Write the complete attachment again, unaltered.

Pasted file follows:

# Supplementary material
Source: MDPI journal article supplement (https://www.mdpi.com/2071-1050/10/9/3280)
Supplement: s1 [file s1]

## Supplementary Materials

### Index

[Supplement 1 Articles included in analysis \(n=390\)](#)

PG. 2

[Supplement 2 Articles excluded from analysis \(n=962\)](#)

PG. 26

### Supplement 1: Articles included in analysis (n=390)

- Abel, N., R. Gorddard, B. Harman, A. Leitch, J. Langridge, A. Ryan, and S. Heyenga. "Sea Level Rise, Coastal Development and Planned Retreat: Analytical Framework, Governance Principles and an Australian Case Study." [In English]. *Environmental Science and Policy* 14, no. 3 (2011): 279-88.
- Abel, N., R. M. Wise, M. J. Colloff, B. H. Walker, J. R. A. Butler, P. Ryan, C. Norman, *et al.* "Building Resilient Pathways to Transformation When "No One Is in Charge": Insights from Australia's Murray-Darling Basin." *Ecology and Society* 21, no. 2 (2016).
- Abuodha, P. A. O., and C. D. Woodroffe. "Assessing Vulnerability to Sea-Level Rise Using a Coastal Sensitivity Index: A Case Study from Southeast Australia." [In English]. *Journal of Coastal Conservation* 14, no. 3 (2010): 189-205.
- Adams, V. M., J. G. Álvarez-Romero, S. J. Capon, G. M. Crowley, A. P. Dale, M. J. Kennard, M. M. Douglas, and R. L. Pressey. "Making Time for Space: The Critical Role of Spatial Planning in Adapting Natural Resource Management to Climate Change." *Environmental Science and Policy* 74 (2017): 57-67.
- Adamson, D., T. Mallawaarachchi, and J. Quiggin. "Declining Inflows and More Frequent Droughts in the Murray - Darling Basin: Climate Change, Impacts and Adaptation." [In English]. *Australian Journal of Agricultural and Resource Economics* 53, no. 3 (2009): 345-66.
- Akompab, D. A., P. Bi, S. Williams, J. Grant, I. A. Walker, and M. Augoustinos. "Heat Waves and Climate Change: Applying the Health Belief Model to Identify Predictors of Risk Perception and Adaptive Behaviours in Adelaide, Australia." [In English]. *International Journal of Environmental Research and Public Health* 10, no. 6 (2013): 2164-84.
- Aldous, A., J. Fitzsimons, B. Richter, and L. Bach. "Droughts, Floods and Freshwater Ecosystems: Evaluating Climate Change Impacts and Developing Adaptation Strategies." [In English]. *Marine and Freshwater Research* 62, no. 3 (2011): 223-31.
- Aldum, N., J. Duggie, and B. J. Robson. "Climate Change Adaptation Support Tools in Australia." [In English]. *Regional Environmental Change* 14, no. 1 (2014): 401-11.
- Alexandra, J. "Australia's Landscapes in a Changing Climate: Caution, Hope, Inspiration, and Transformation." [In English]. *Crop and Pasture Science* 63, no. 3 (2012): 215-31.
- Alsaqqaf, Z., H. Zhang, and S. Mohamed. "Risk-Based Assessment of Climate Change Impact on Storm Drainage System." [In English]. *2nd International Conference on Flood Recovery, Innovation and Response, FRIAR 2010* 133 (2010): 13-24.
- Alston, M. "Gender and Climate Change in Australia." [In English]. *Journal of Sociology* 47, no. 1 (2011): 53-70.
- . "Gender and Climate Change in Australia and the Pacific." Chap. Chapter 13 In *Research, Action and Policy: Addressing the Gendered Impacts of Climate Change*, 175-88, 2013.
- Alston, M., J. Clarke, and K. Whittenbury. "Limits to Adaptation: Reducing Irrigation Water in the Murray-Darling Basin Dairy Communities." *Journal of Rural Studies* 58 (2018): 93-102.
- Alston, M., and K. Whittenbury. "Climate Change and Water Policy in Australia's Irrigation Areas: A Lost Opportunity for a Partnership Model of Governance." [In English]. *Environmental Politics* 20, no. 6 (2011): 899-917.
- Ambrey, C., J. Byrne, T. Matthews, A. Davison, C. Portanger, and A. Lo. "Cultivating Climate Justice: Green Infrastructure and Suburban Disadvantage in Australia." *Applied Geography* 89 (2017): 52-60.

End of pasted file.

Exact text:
# Supplementary material
Source: MDPI journal article supplement (https://www.mdpi.com/2071-1050/10/9/3280)
Supplement: s1 [file s1]

## Supplementary Materials

### Index

[Supplement 1 Articles included in analysis \(n=390\)](#)

PG. 2

[Supplement 2 Articles excluded from analysis \(n=962\)](#)

PG. 26

### Supplement 1: Articles included in analysis (n=390)

- Abel, N., R. Gorddard, B. Harman, A. Leitch, J. Langridge, A. Ryan, and S. Heyenga. "Sea Level Rise, Coastal Development and Planned Retreat: Analytical Framework, Governance Principles and an Australian Case Study." [In English]. *Environmental Science and Policy* 14, no. 3 (2011): 279-88.
- Abel, N., R. M. Wise, M. J. Colloff, B. H. Walker, J. R. A. Butler, P. Ryan, C. Norman, *et al.* "Building Resilient Pathways to Transformation When "No One Is in Charge": Insights from Australia's Murray-Darling Basin." *Ecology and Society* 21, no. 2 (2016).
- Abuodha, P. A. O., and C. D. Woodroffe. "Assessing Vulnerability to Sea-Level Rise Using a Coastal Sensitivity Index: A Case Study from Southeast Australia." [In English]. *Journal of Coastal Conservation* 14, no. 3 (2010): 189-205.
- Adams, V. M., J. G. Álvarez-Romero, S. J. Capon, G. M. Crowley, A. P. Dale, M. J. Kennard, M. M. Douglas, and R. L. Pressey. "Making Time for Space: The Critical Role of Spatial Planning in Adapting Natural Resource Management to Climate Change." *Environmental Science and Policy* 74 (2017): 57-67.
- Adamson, D., T. Mallawaarachchi, and J. Quiggin. "Declining Inflows and More Frequent Droughts in the Murray - Darling Basin: Climate Change, Impacts and Adaptation." [In English]. *Australian Journal of Agricultural and Resource Economics* 53, no. 3 (2009): 345-66.
- Akompab, D. A., P. Bi, S. Williams, J. Grant, I. A. Walker, and M. Augoustinos. "Heat Waves and Climate Change: Applying the Health Belief Model to Identify Predictors of Risk Perception and Adaptive Behaviours in Adelaide, Australia." [In English]. *International Journal of Environmental Research and Public Health* 10, no. 6 (2013): 2164-84.
- Aldous, A., J. Fitzsimons, B. Richter, and L. Bach. "Droughts, Floods and Freshwater Ecosystems: Evaluating Climate Change Impacts and Developing Adaptation Strategies." [In English]. *Marine and Freshwater Research* 62, no. 3 (2011): 223-31.
- Aldum, N., J. Duggie, and B. J. Robson. "Climate Change Adaptation Support Tools in Australia." [In English]. *Regional Environmental Change* 14, no. 1 (2014): 401-11.
- Alexandra, J. "Australia's Landscapes in a Changing Climate: Caution, Hope, Inspiration, and Transformation." [In English]. *Crop and Pasture Science* 63, no. 3 (2012): 215-31.
- Alsaqqaf, Z., H. Zhang, and S. Mohamed. "Risk-Based Assessment of Climate Change Impact on Storm Drainage System." [In English]. *2nd International Conference on Flood Recovery, Innovation and Response, FRIAR 2010* 133 (2010): 13-24.
- Alston, M. "Gender and Climate Change in Australia." [In English]. *Journal of Sociology* 47, no. 1 (2011): 53-70.
- . "Gender and Climate Change in Australia and the Pacific." Chap. Chapter 13 In *Research, Action and Policy: Addressing the Gendered Impacts of Climate Change*, 175-88, 2013.
- Alston, M., J. Clarke, and K. Whittenbury. "Limits to Adaptation: Reducing Irrigation Water in the Murray-Darling Basin Dairy Communities." *Journal of Rural Studies* 58 (2018): 93-102.
- Alston, M., and K. Whittenbury. "Climate Change and Water Policy in Australia's Irrigation Areas: A Lost Opportunity for a Partnership Model of Governance." [In English]. *Environmental Politics* 20, no. 6 (2011): 899-917.
- Ambrey, C., J. Byrne, T. Matthews, A. Davison, C. Portanger, and A. Lo. "Cultivating Climate Justice: Green Infrastructure and Suburban Disadvantage in Australia." *Applied Geography* 89 (2017): 52-60.